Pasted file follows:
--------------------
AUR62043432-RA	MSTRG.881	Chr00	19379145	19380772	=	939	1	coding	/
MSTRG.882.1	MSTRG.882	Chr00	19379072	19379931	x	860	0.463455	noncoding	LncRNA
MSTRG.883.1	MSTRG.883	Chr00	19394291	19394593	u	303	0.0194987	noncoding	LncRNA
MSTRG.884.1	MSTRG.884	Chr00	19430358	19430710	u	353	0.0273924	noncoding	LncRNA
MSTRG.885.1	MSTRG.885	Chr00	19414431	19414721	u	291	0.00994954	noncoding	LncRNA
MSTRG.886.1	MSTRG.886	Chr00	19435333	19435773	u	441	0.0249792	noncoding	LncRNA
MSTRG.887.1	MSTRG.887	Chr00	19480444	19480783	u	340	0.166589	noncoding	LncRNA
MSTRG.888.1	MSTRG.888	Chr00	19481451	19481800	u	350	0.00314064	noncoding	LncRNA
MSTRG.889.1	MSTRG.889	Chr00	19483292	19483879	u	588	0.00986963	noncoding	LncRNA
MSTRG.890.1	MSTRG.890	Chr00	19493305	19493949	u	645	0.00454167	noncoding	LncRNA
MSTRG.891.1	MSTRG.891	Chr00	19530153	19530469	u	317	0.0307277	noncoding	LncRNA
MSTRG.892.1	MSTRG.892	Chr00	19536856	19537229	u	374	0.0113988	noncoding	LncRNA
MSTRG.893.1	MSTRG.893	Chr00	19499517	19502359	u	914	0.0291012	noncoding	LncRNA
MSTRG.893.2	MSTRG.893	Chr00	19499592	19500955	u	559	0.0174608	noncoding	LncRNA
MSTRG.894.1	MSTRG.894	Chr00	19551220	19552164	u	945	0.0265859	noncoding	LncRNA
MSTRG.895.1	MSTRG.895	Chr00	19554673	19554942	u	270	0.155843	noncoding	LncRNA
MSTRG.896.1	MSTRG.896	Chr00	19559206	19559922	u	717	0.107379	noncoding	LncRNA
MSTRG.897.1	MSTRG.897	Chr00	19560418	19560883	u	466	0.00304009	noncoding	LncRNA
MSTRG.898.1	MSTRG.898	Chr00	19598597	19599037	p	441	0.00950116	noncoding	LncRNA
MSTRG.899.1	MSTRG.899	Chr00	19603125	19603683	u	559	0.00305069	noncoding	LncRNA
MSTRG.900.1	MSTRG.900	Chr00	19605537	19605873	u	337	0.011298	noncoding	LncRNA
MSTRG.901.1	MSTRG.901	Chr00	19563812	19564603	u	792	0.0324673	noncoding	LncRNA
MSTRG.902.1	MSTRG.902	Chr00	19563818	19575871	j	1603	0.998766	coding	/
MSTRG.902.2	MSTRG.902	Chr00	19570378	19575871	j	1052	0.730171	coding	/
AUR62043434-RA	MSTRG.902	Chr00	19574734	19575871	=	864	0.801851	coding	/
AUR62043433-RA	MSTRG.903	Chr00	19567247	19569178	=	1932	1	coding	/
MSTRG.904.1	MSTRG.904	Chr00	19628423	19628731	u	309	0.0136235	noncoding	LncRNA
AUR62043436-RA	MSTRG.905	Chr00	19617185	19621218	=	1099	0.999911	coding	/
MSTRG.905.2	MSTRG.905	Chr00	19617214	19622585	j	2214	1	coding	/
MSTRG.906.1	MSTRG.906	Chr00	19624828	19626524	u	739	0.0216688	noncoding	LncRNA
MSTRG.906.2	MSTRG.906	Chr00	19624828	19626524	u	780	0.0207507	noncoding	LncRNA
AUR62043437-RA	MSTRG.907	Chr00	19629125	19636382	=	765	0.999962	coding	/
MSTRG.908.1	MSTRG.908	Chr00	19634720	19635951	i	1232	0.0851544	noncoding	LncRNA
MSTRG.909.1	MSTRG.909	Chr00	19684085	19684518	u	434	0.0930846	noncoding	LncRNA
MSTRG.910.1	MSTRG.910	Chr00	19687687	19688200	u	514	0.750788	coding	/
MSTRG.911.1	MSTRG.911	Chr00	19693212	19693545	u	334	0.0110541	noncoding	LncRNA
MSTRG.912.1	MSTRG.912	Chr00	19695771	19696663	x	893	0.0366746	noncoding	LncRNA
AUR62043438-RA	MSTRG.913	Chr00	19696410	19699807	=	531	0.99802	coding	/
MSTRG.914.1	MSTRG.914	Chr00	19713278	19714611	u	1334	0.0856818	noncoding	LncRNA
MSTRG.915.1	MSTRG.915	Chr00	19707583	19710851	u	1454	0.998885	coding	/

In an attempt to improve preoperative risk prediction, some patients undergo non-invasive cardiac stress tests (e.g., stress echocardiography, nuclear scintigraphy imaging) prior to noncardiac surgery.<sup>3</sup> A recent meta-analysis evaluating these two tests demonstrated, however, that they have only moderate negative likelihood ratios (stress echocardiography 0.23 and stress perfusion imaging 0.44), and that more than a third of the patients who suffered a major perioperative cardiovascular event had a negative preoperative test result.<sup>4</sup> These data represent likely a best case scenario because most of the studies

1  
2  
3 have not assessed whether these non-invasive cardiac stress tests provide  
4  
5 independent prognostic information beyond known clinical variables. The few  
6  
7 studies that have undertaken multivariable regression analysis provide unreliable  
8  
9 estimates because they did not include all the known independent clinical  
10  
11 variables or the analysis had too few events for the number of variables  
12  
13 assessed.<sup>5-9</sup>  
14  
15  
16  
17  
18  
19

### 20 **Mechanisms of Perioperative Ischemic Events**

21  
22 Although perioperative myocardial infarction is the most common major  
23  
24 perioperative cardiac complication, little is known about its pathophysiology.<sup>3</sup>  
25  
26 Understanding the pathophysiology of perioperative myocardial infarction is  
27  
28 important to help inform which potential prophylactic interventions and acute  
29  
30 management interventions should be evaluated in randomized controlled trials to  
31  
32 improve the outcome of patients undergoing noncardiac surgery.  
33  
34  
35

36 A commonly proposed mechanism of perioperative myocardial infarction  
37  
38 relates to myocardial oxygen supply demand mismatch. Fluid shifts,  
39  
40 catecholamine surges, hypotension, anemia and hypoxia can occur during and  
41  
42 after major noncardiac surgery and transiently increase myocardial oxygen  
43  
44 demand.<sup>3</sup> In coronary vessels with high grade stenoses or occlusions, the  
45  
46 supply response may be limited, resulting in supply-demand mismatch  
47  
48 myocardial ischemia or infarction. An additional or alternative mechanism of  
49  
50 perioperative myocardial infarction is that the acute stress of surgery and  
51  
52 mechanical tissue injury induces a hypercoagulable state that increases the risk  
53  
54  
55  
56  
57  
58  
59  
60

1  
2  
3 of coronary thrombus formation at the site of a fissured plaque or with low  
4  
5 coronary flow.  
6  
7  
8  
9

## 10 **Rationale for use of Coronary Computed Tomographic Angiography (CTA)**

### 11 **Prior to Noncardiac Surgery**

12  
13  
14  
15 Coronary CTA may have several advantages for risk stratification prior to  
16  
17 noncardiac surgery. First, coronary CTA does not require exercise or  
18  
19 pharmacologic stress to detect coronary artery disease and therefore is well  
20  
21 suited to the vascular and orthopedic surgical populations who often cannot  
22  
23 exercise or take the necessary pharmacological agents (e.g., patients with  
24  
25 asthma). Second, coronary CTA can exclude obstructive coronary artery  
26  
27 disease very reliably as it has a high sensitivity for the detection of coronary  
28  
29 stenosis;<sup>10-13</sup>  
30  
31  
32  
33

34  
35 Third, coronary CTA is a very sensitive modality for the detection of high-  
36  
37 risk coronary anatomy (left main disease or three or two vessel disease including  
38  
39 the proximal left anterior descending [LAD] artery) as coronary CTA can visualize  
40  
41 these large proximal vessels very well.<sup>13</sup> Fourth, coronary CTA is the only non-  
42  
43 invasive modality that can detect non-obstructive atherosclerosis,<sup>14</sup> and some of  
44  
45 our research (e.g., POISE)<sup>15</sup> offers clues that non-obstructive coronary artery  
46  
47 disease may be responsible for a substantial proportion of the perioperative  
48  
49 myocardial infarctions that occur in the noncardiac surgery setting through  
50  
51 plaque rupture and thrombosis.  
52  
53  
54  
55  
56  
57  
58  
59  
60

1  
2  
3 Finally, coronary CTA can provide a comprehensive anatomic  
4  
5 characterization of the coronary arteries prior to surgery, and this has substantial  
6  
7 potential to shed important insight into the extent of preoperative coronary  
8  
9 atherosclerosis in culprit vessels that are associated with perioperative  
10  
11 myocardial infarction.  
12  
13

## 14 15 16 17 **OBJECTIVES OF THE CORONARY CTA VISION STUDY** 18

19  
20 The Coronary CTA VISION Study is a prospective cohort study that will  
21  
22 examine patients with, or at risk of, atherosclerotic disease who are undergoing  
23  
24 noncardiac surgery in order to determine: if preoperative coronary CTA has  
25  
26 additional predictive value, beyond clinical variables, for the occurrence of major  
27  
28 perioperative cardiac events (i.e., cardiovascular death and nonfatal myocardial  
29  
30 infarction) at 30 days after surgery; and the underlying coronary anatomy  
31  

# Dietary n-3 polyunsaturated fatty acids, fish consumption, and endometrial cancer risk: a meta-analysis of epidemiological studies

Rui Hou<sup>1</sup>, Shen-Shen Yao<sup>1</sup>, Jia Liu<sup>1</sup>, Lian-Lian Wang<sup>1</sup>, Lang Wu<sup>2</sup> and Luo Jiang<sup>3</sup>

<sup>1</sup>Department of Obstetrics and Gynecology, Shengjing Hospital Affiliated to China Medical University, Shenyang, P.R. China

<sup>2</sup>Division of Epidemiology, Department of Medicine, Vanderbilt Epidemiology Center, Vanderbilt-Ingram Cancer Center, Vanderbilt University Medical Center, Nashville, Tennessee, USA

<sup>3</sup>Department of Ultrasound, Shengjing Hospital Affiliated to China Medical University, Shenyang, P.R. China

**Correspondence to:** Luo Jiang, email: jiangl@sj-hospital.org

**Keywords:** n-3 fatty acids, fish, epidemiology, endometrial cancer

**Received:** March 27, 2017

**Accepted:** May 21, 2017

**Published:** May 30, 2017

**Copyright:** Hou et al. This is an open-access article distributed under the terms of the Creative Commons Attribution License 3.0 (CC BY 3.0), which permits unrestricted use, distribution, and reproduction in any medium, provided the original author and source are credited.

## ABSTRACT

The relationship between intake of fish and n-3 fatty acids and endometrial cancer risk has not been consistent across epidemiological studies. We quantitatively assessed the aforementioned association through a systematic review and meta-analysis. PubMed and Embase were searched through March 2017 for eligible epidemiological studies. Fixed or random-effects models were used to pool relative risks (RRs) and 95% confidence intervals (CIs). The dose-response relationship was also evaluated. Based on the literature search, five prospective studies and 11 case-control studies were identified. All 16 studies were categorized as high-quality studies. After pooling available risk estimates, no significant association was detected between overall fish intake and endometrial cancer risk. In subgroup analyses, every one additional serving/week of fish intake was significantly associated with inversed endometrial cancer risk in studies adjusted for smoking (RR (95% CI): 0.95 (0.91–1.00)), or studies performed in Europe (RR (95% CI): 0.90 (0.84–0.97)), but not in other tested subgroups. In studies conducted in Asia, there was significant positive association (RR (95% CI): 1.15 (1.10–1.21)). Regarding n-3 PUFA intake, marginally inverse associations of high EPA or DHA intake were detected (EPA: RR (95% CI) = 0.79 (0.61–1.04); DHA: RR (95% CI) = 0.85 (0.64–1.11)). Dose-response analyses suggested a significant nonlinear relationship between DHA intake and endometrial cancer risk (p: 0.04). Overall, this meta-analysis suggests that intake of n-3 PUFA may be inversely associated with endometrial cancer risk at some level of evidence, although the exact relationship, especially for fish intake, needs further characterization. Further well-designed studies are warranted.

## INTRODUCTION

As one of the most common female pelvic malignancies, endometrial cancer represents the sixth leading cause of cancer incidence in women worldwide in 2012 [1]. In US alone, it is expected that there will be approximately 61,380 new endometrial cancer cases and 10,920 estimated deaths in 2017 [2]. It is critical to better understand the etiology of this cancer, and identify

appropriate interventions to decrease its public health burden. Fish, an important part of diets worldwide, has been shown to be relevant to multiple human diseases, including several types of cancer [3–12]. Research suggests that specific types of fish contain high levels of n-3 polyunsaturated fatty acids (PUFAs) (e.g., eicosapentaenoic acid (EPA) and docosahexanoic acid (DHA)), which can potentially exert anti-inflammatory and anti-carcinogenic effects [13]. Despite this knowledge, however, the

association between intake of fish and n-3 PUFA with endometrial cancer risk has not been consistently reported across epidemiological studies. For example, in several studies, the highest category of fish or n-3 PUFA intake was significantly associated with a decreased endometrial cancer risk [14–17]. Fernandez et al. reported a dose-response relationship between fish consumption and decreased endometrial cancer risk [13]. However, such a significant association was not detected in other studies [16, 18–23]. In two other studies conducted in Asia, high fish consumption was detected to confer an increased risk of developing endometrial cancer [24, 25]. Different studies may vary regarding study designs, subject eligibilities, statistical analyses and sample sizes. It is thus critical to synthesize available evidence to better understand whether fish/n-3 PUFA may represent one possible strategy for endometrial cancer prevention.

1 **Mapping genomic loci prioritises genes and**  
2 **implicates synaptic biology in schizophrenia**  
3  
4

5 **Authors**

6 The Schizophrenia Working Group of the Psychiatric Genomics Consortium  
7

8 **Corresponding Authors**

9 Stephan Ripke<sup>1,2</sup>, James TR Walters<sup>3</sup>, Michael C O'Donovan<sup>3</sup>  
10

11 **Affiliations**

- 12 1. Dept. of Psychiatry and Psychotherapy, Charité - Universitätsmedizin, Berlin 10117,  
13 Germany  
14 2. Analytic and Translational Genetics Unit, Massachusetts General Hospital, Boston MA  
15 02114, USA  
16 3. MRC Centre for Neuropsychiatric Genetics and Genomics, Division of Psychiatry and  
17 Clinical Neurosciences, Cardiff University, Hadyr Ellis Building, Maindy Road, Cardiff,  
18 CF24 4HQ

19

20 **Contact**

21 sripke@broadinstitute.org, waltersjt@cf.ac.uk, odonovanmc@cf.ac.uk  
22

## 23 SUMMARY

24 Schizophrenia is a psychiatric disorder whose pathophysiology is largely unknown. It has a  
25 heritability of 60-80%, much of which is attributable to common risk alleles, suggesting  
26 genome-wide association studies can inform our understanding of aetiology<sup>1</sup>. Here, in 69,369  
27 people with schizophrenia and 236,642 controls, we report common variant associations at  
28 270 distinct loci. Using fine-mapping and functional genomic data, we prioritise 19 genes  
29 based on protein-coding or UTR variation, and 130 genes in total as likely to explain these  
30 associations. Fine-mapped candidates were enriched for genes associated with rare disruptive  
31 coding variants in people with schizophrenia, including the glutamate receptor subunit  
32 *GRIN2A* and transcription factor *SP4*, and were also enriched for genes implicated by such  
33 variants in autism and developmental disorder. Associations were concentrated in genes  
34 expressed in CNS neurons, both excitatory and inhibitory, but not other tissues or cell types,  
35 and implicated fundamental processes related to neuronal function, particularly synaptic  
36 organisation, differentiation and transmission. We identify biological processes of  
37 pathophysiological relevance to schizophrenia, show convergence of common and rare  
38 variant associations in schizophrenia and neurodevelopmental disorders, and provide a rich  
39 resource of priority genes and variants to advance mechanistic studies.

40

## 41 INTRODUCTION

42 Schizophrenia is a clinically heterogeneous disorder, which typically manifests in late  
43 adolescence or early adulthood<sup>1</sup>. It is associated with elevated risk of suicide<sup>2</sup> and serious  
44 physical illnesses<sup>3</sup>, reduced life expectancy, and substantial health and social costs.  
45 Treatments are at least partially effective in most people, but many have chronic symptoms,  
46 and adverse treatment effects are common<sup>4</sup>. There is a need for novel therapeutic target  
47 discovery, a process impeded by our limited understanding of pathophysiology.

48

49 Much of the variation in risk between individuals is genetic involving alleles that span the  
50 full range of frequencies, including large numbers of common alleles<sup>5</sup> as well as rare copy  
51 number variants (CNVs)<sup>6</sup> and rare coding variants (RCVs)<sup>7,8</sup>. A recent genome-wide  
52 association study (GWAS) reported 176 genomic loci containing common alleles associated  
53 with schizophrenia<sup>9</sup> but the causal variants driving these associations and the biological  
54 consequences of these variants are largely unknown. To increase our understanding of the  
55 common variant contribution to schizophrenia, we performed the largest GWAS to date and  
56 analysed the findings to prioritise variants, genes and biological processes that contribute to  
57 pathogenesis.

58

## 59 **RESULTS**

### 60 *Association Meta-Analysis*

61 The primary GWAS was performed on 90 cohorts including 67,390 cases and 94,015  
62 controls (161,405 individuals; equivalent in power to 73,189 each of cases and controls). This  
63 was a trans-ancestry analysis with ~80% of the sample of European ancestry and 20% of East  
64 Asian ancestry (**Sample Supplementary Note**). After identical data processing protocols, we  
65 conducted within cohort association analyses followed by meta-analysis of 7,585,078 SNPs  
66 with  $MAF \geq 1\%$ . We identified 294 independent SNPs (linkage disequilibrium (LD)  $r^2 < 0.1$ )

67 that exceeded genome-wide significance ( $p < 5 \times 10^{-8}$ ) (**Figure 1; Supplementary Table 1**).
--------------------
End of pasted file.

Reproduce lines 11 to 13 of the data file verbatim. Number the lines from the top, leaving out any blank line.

MSTRG.891.1	MSTRG.891	Chr00	19530153	19530469	u	317	0.0307277	noncoding	LncRNA
MSTRG.892.1	MSTRG.892	Chr00	19536856	19537229	u	374	0.0113988	noncoding	LncRNA
MSTRG.893.1	MSTRG.893	Chr00	19499517	19502359	u	914	0.0291012	noncoding	LncRNA